Public events, like parades and festivals, can be a joy to attend. However, they can also be dangerous – often packed with hundreds of people, large vehicles and objects, and dozens of other unknowns. There are a myriad of things that can go wrong, leading to injuries. When a serous accident occurs at a public event, here are the parties that may be held liable:
If the municipality where the accident occurred did anything negligent to contribute to the accident, then the city may be held liable for damages. Examples of negligence during a city parade may be failing to properly control traffic; failing to repair broken streets or sidewalks; or any other incident that was caused as a direct result of something the city did or did not do.
As a note, the state of Pennsylvania and its municipalities have waived their right to immunity for accidents involving vehicles, medical professionals, certain personal property, real estate and sidewalks, potholes and other dangerous conditions, animals, National Guard activities, toxins and vaccines, and liquor store sales, according to section 8522 of the state’s Sovereign Immunity Code.
A Business or Organization
Sometimes, an accident is the fault of a business or organization that doesn’t take the proper care necessary to prevent accidents from occurring. Much like city liability, if a business does anything negligent to contribute to an accident’s occurrence, like failing to properly design a float so that objects don’t fall off of it, leading to injury, then the business or organization may be held liable for damages.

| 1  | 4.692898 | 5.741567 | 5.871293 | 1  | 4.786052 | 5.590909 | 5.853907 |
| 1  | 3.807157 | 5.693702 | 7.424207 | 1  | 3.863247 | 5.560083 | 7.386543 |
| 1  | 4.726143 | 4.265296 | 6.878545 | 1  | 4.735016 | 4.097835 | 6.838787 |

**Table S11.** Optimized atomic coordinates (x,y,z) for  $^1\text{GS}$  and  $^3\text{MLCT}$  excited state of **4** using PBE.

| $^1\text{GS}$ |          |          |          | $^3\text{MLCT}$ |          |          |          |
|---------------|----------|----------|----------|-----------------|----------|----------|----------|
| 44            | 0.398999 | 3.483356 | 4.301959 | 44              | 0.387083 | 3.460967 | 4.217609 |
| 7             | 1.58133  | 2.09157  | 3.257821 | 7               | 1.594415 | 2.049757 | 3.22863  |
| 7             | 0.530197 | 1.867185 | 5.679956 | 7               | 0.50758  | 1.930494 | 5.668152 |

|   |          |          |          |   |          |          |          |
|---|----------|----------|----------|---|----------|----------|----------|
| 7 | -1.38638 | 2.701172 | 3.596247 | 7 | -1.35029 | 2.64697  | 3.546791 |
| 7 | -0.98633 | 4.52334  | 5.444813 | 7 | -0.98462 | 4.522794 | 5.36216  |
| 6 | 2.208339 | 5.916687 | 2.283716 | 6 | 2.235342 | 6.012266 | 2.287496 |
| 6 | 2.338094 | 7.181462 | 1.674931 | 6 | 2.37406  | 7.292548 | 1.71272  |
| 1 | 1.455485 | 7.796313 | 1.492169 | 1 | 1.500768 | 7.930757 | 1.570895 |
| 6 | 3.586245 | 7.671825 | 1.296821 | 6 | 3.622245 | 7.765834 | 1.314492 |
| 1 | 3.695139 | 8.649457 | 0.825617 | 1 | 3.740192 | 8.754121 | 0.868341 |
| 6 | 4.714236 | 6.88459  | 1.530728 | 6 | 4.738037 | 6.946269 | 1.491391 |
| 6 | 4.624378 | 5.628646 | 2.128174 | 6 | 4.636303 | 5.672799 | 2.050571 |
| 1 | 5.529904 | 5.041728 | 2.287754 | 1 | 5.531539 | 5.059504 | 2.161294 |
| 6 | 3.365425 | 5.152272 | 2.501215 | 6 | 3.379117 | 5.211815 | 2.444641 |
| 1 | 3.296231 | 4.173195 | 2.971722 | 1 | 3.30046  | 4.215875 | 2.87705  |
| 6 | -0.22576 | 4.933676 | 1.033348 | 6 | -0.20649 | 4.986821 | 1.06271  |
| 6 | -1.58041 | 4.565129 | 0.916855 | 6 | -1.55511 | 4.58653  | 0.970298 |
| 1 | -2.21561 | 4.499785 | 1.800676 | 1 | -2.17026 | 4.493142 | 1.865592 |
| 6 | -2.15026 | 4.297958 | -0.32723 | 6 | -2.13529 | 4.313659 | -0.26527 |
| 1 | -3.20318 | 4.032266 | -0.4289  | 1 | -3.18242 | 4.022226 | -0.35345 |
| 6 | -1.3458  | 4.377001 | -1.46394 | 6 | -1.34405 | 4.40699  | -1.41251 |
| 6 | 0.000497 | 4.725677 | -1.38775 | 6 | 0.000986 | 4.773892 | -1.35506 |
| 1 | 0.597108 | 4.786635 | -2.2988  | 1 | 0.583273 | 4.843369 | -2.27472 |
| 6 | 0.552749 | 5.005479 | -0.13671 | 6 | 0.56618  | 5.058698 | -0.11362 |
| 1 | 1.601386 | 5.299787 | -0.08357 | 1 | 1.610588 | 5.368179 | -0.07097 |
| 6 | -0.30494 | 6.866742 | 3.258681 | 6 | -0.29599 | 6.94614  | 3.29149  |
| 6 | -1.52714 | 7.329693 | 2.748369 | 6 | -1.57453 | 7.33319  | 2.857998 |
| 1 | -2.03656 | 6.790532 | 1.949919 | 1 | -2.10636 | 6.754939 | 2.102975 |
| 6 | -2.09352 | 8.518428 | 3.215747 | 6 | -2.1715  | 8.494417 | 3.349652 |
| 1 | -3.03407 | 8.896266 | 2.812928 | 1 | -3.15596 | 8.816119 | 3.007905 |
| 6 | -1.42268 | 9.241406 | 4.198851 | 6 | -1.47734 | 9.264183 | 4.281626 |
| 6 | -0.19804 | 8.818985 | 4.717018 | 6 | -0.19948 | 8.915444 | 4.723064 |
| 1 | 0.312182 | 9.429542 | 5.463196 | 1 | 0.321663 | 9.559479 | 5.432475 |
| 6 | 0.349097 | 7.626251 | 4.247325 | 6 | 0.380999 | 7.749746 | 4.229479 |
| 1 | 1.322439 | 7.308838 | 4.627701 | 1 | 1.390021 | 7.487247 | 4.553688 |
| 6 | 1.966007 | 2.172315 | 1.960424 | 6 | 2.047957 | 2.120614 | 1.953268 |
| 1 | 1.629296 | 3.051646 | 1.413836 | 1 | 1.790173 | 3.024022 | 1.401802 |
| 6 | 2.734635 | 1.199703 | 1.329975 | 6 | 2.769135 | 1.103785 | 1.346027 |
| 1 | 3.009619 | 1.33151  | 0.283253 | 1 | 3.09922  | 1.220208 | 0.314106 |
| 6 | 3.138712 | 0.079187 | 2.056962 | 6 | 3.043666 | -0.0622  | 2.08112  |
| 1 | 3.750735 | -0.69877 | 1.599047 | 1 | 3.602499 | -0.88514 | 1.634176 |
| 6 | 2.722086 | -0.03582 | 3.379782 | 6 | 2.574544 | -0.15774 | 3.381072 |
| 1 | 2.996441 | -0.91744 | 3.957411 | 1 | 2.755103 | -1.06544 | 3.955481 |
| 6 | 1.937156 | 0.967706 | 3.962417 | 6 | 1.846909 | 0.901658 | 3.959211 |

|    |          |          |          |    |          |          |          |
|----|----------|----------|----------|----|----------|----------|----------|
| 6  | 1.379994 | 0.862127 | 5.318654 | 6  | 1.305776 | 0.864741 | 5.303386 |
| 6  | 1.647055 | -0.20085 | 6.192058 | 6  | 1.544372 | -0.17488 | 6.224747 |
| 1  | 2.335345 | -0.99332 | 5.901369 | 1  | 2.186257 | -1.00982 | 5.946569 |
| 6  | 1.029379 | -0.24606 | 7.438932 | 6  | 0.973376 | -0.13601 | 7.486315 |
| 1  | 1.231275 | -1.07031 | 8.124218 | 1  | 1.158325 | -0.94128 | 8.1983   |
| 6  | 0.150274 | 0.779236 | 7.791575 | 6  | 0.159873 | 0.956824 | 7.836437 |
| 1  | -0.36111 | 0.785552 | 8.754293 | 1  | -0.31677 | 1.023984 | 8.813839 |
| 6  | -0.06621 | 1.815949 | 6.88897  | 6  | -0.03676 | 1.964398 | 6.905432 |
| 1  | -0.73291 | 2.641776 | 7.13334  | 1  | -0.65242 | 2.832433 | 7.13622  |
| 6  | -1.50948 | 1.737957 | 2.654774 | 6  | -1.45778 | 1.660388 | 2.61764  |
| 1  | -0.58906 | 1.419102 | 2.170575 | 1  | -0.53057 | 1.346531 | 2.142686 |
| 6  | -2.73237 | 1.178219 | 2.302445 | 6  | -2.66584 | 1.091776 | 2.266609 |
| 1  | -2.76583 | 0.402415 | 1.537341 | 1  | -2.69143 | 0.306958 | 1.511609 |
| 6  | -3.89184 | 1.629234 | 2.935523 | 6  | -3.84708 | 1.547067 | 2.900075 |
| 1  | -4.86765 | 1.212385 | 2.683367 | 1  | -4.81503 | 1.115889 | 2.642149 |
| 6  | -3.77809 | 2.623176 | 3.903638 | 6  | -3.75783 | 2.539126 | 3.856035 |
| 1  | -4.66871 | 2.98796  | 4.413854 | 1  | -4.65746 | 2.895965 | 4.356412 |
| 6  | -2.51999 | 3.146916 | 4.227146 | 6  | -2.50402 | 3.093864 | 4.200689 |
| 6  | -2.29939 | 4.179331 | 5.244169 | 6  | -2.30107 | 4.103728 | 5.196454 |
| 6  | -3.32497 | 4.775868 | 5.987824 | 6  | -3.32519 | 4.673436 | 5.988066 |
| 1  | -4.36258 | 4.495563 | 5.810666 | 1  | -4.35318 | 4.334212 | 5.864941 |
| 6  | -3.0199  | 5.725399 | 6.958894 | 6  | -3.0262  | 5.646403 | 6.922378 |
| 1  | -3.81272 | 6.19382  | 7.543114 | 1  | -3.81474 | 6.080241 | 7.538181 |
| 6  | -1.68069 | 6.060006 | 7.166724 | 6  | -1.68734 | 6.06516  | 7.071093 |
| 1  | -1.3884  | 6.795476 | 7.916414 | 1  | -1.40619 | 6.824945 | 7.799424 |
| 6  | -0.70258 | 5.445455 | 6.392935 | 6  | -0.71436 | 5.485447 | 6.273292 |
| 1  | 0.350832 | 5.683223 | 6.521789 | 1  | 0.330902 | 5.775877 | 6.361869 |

Parade, festival, and other public event accidents can also be caused by an individual’s negligent actions. For example, the driver of a float may drive the vehicle irresponsibly, hitting a pedestrian. If an individual caused the accident, then the individual will usually be liable for damages.
Filing a Claim for Damages Following an Accident at a Public Event
Whether you’re filing a claim for damages against a government entity, a business or organization, or an individual, you’ll need to gather evidence to prove your claim. Additionally, the rules for filing a claim against each party are slightly different. For instance, if the city was responsible for your accident and injuries, you’ll have to first file a notice of claim before you can file a civil action. And, all civil actions must be filed within two years’ time, according to Pennsylvania law section 5524.
A Pennsylvania Personal Injury Attorney Can Help!
To help you understand liability following a serious accident that occurs at a public event, the Pennsylvania personal injury attorneys at Cordisco & Saile LLC can help you. You can reach us now at 215-642-2335 to schedule your free case consultation today.